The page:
Now that we are far from what it used to be “normal”, many people are questioning the status quo. I do not want this to merely be a trend but I want us to come back even better than where we entered. I am sure that slowing down our daily lives, work, traveling, economies, and many other various aspects of our lives have impacted and been reflected in many different ways based on each individual, both positive and negative.


With that being said, I think one of the advantages of living slower for many of us is to have more time to think where we put our money and more opportunity to make things yourself. It could range from cooking at home, harvesting your own vegetables in your garden, and essentially thinking of ways to upcycle old jars for probably something like flower pots, instead of buying something new. There is some benefit for your mental health as well; there are studies that state that doing something with your hands crafting things, that slow and meditative process, increases well-being and a sense of happiness. If you are interested in DIY and you have the privilege to do so, why not try it out? You will have something that is perfectly fitted for you, and that nobody else in the world has. If you make things yourself, you will also get a better understanding of how much work, skills, and knowledge that are required to make things look the way they do on store shelves. When we repetitively buy this and that, it almost feels like products are made available within a snap of your fingers and just instantly appear in front of you. If you move your own hands and make something, it is not only enjoyable to patiently work your way up to see how things turn out to be, but you get to be more aware of what it all takes to create something.

“The quieter you become, the more you are able to hear.” Rumi

As for the production level, there are multiple aspects that the “fast production” stresses the supply chain and consequently, anything that is involved including laborers and the environment. In such a manner, particularly in the textile industry, they order roles and roles of fabrics to make sure that they have enough to quickly manufacture things (which creates deadstock fabrics) and excessively produce finished products much more than they need in order to meet the demand because they prioritize profit over environmental sustainability. In the design process, it is often the case that the shape is not intended to efficiently make the best use out scraps that people cut out because again, the eco-friendly effort to minimize scraps would be more costly. Did you know that the current garment production using conventional fashion design and pattern-cutting techniques results in approximately 15 percent fabric waste? Making things fast and not thinking about considering is pretty “normal” as sad as it is.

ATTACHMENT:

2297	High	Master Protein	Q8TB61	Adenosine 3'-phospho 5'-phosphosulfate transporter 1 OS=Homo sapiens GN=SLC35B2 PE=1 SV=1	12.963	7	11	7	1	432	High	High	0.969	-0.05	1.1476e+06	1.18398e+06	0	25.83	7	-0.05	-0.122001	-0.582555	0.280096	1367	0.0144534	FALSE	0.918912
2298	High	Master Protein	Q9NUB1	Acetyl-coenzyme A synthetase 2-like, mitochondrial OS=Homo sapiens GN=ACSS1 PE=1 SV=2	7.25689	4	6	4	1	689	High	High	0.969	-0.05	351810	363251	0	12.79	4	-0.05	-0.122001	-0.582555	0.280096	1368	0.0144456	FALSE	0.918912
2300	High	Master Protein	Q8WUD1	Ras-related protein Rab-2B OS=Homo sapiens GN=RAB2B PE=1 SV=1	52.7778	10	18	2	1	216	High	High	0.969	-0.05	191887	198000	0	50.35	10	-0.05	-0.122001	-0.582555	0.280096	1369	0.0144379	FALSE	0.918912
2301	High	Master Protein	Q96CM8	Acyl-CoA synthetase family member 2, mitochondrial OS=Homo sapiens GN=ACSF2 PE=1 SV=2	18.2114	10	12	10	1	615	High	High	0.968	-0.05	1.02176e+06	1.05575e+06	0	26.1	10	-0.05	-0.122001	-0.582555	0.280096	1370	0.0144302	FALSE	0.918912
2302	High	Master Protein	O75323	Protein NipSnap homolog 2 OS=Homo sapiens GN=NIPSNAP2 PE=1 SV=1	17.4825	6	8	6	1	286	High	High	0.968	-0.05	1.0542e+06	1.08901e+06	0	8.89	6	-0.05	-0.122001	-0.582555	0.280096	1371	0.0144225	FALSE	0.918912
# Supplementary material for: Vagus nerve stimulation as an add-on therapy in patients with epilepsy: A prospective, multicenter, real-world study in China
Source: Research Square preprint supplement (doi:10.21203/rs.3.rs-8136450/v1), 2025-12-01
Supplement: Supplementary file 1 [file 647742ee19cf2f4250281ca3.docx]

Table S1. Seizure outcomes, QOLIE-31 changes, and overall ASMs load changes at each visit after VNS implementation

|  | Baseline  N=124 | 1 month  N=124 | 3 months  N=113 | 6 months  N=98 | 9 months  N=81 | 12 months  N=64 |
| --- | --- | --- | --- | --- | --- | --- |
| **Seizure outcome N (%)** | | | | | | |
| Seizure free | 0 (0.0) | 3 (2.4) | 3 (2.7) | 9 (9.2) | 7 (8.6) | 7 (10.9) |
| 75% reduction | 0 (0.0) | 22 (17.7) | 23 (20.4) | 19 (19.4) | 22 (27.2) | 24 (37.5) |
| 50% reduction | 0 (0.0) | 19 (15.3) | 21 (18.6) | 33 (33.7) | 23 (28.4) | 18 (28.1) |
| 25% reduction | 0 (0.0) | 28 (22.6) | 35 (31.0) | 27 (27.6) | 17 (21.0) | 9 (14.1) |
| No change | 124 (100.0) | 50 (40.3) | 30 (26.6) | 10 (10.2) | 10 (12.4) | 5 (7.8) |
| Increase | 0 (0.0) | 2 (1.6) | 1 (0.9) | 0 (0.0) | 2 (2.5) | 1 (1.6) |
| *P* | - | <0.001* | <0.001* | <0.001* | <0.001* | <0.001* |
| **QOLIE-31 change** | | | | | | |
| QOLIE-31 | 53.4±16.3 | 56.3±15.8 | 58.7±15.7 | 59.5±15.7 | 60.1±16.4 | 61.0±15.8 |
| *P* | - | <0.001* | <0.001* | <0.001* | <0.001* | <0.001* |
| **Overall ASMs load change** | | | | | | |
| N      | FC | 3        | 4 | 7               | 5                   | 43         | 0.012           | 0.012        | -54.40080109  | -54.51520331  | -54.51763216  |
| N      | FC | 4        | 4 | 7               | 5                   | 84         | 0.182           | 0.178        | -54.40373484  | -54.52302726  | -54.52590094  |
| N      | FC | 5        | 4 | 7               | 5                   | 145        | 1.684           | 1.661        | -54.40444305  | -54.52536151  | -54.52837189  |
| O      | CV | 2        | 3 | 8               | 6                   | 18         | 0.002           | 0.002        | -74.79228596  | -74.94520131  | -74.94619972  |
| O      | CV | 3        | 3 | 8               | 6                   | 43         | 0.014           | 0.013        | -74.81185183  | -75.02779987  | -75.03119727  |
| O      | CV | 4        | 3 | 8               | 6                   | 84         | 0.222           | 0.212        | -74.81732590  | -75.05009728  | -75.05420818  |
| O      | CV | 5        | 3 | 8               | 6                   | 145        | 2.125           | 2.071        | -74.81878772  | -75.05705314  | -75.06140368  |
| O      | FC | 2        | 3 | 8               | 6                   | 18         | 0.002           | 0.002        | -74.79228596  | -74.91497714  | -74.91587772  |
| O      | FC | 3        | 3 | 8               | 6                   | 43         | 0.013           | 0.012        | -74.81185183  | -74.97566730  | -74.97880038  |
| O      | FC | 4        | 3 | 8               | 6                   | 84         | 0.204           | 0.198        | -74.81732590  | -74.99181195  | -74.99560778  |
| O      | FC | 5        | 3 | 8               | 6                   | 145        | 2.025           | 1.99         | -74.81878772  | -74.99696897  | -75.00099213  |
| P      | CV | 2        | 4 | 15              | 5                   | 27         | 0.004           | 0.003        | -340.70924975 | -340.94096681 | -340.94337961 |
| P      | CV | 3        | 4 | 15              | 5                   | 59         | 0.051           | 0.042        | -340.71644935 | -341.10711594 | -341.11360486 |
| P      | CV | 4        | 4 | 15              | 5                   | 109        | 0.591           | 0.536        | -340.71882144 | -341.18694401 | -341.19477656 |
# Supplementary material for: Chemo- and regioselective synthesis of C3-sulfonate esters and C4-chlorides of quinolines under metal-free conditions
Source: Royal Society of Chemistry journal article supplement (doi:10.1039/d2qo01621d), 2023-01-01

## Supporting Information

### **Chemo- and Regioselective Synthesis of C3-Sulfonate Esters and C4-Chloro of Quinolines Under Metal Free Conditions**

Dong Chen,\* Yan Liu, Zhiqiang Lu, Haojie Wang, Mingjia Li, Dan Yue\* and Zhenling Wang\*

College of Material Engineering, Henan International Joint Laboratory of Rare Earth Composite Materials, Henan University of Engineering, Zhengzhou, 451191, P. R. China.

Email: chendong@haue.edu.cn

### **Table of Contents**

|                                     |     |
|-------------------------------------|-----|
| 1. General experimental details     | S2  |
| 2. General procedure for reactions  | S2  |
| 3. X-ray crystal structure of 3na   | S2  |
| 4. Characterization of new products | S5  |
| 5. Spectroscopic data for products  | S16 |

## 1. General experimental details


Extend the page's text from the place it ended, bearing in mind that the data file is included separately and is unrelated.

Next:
Ironically, in a perfect world, my company would not exist, but here we are to make the best use out of what society recognizes as waste. Our brand also is looking to educate on pre-consumer waste. Most people, of course, know what they throw away in the trash bin goes to the landfill, but it is not so well-known in the general public that waste is created in the production level before the product reaches the final consumer. I am thinking about so many exciting new ideas to do more things experience-based in the future, which I will talk about more later.